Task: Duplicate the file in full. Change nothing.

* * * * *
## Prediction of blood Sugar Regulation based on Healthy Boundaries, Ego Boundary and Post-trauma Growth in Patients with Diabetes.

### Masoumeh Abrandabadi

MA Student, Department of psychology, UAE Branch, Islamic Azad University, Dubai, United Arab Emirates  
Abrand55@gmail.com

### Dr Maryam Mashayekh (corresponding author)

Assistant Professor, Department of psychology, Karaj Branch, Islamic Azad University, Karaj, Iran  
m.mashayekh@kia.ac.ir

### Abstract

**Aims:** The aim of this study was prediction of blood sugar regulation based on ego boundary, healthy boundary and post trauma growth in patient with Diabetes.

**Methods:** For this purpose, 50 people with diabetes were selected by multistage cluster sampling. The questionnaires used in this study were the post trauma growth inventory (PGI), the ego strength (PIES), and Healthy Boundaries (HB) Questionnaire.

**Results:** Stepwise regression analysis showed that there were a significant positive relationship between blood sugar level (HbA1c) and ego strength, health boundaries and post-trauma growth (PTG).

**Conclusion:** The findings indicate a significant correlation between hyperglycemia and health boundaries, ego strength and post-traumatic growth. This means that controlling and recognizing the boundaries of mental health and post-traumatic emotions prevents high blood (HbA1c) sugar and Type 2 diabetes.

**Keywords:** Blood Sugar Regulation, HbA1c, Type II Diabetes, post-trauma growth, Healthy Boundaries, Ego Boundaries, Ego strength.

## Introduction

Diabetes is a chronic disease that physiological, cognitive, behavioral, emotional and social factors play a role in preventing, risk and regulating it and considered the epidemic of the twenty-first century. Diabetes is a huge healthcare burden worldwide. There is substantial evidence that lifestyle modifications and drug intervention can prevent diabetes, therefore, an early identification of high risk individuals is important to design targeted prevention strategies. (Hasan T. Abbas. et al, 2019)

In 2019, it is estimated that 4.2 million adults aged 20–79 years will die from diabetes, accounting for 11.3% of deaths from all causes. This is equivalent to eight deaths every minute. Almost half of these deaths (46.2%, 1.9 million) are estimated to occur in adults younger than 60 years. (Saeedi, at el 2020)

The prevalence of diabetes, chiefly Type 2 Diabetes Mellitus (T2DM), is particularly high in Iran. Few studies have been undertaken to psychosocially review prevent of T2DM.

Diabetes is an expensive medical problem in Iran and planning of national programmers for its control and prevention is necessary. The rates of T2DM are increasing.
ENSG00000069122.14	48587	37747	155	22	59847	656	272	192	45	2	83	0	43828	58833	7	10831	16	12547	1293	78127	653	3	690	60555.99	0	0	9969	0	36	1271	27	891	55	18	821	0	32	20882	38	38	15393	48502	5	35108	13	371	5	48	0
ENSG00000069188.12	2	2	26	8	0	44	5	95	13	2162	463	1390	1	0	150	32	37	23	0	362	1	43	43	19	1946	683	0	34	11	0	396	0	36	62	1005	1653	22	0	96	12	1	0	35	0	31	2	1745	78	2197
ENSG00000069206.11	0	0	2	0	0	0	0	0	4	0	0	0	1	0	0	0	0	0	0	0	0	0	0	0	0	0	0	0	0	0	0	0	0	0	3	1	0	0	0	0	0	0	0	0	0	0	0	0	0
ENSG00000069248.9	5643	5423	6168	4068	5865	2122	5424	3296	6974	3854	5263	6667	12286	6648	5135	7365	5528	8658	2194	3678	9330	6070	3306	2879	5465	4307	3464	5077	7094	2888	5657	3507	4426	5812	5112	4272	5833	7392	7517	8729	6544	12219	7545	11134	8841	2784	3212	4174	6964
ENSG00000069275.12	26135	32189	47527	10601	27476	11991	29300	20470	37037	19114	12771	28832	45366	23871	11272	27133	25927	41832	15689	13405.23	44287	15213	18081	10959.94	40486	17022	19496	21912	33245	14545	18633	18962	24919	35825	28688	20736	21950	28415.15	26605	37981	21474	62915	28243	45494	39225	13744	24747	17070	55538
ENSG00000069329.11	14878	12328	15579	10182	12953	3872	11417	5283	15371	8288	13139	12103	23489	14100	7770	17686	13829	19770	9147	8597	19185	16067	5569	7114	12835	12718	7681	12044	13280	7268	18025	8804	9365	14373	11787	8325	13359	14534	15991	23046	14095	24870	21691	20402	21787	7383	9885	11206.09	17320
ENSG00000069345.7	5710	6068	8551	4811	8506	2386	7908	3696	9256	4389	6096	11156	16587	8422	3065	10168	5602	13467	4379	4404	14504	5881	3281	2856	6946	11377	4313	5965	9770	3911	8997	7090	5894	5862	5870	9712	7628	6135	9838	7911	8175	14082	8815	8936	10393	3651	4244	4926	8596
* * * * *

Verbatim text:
## Prediction of blood Sugar Regulation based on Healthy Boundaries, Ego Boundary and Post-trauma Growth in Patients with Diabetes.

### Masoumeh Abrandabadi

MA Student, Department of psychology, UAE Branch, Islamic Azad University, Dubai, United Arab Emirates  
Abrand55@gmail.com

### Dr Maryam Mashayekh (corresponding author)

Assistant Professor, Department of psychology, Karaj Branch, Islamic Azad University, Karaj, Iran  
m.mashayekh@kia.ac.ir

### Abstract

**Aims:** The aim of this study was prediction of blood sugar regulation based on ego boundary, healthy boundary and post trauma growth in patient with Diabetes.

**Methods:** For this purpose, 50 people with diabetes were selected by multistage cluster sampling. The questionnaires used in this study were the post trauma growth inventory (PGI), the ego strength (PIES), and Healthy Boundaries (HB) Questionnaire.

**Results:** Stepwise regression analysis showed that there were a significant positive relationship between blood sugar level (HbA1c) and ego strength, health boundaries and post-trauma growth (PTG).

**Conclusion:** The findings indicate a significant correlation between hyperglycemia and health boundaries, ego strength and post-traumatic growth. This means that controlling and recognizing the boundaries of mental health and post-traumatic emotions prevents high blood (HbA1c) sugar and Type 2 diabetes.

**Keywords:** Blood Sugar Regulation, HbA1c, Type II Diabetes, post-trauma growth, Healthy Boundaries, Ego Boundaries, Ego strength.

## Introduction

Diabetes is a chronic disease that physiological, cognitive, behavioral, emotional and social factors play a role in preventing, risk and regulating it and considered the epidemic of the twenty-first century. Diabetes is a huge healthcare burden worldwide. There is substantial evidence that lifestyle modifications and drug intervention can prevent diabetes, therefore, an early identification of high risk individuals is important to design targeted prevention strategies. (Hasan T. Abbas. et al, 2019)

In 2019, it is estimated that 4.2 million adults aged 20–79 years will die from diabetes, accounting for 11.3% of deaths from all causes. This is equivalent to eight deaths every minute. Almost half of these deaths (46.2%, 1.9 million) are estimated to occur in adults younger than 60 years. (Saeedi, at el 2020)

The prevalence of diabetes, chiefly Type 2 Diabetes Mellitus (T2DM), is particularly high in Iran. Few studies have been undertaken to psychosocially review prevent of T2DM.

Diabetes is an expensive medical problem in Iran and planning of national programmers for its control and prevention is necessary. The rates of T2DM are increasing.
ENSG00000069122.14	48587	37747	155	22	59847	656	272	192	45	2	83	0	43828	58833	7	10831	16	12547	1293	78127	653	3	690	60555.99	0	0	9969	0	36	1271	27	891	55	18	821	0	32	20882	38	38	15393	48502	5	35108	13	371	5	48	0
ENSG00000069188.12	2	2	26	8	0	44	5	95	13	2162	463	1390	1	0	150	32	37	23	0	362	1	43	43	19	1946	683	0	34	11	0	396	0	36	62	1005	1653	22	0	96	12	1	0	35	0	31	2	1745	78	2197
ENSG00000069206.11	0	0	2	0	0	0	0	0	4	0	0	0	1	0	0	0	0	0	0	0	0	0	0	0	0	0	0	0	0	0	0	0	0	0	3	1	0	0	0	0	0	0	0	0	0	0	0	0	0
ENSG00000069248.9	5643	5423	6168	4068	5865	2122	5424	3296	6974	3854	5263	6667	12286	6648	5135	7365	5528	8658	2194	3678	9330	6070	3306	2879	5465	4307	3464	5077	7094	2888	5657	3507	4426	5812	5112	4272	5833	7392	7517	8729	6544	12219	7545	11134	8841	2784	3212	4174	6964
ENSG00000069275.12	26135	32189	47527	10601	27476	11991	29300	20470	37037	19114	12771	28832	45366	23871	11272	27133	25927	41832	15689	13405.23	44287	15213	18081	10959.94	40486	17022	19496	21912	33245	14545	18633	18962	24919	35825	28688	20736	21950	28415.15	26605	37981	21474	62915	28243	45494	39225	13744	24747	17070	55538
ENSG00000069329.11	14878	12328	15579	10182	12953	3872	11417	5283	15371	8288	13139	12103	23489	14100	7770	17686	13829	19770	9147	8597	19185	16067	5569	7114	12835	12718	7681	12044	13280	7268	18025	8804	9365	14373	11787	8325	13359	14534	15991	23046	14095	24870	21691	20402	21787	7383	9885	11206.09	17320
ENSG00000069345.7	5710	6068	8551	4811	8506	2386	7908	3696	9256	4389	6096	11156	16587	8422	3065	10168	5602	13467	4379	4404	14504	5881	3281	2856	6946	11377	4313	5965	9770	3911	8997	7090	5894	5862	5870	9712	7628	6135	9838	7911	8175	14082	8815	8936	10393	3651	4244	4926	8596